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Prister: Baseball’s beauty is in the smallest details (Oct. 28)

Eric Prister | Wednesday, October 26, 2011

“Baseball is 100 times more interesting to me now than it was 45 minutes ago.”

I heard these words after attempting to explain some of the intricacies of America’s pastime to someone who can only be described as a baseball novice.

We had just watched the last three innings of the World Series betweenthe St. Louis Cardinals and the Texas Rangers, a game in which the Rangers had come back to win in spectacular fashion. And while most baseball games are interesting if one knows what to look for, games like this one are what make the sport, one which is so often criticized for being boring, great.

In the top of the ninth inning, after the Cardinals had taken a 1-0 lead in the seventh, the Rangers were down to their last three outs. A loss would have meant going down 2-0 in the series, a hole that, though not insurmountable, would not have been desirable in the least.

Rangers second baseman Ian Kinsler led off the inning with a single, and then stole second base. And that’s when the entire momentum of the game, and the momentum of the series, changed in just one play.

Rangers shortstop Elvis Andrus hit another, seemingly routine base hit. Kinsler advanced to third and Andrus took second base when the throw from the outfield ricocheted off the glove of the Cardinals all-world first baseman Albert Pujols.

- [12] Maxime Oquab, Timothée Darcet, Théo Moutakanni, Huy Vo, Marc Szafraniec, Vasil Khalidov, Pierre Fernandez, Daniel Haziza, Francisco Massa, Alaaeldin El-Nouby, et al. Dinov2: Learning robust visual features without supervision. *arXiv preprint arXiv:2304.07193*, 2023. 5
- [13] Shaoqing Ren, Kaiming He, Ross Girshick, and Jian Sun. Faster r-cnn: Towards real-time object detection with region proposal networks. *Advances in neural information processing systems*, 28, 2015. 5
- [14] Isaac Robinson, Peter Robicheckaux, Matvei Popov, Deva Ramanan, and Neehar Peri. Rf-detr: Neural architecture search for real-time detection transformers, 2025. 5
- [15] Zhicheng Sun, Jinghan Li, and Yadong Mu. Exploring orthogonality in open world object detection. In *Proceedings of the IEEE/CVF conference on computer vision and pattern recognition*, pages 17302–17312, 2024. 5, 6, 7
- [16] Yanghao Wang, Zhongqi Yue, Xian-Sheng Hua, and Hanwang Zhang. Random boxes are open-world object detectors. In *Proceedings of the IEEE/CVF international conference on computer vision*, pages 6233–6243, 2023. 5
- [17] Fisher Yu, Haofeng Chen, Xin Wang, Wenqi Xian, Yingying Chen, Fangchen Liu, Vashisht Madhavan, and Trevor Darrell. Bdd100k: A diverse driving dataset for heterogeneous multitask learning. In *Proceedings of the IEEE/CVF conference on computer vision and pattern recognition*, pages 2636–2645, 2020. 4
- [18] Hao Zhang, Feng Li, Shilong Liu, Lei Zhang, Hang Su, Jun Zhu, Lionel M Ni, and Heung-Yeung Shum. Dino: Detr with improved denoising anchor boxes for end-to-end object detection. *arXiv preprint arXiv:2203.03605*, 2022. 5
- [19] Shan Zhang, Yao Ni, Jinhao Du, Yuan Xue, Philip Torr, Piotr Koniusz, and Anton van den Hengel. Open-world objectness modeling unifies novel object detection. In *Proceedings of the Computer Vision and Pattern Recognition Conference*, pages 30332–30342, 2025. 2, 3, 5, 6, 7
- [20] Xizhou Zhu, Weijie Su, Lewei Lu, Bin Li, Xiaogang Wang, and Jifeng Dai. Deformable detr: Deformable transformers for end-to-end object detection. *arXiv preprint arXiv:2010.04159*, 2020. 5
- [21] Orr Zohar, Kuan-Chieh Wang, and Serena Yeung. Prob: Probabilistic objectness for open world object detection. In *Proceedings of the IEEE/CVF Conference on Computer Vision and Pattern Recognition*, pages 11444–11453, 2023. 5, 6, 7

To a casual observer, this may have appeared as simply a physical mistake by Pujols which led to the Rangers scoring two runs in the inning, rather than just one. But it was so much more than that.

When Kinsler saw that Andrus’ single was going to fall in the outfield, he took off from second base hard and rounded third like he was going to score. The Rangers third base coach had to move nearly halfway down the third base line to give Kinsler the stop signal.

Pujols took his eye off the ball, just for a split second, noticing Kinsler rounding third base with a full head of steam. But that split second was all that it took for him to misplay the throw, allowing Andrus to take second base.

This may seem like an incredibly miniscule occurence in a long game, and it is.

But that’s what makes baseball so great, the most miniscule things can become the most important.

Baseball is a game of centimeters, a game of milliseconds. It is a game that can be affected by a blink of eye, a pebble in the dirt or the glare of the sun that cuts off a player’s vision for just an instant.

The difference between a strike and a ball can be nearly imperceptible, but it can be the difference between a strikeout and a walk, the difference between a win and a loss, the difference between a championship and just another season that ended without a ring.

Baseball certainly looks boring, and can actually be boring in some circumstances. But the Pujols error was not just an error. It was the product of a multitude of thoughts racing through his head, all of which he is expected to handle without pause. He took his eye off the ball for just one moment, but in that moment may have lost his team the World Series.

Baseball truly is a riveting sport. You just need to know where to look.

The views expressed in this column are those of the author and not necessarily those of The Observer.                                                                                                                                   Contact Eric Prister at eprister @nd.edu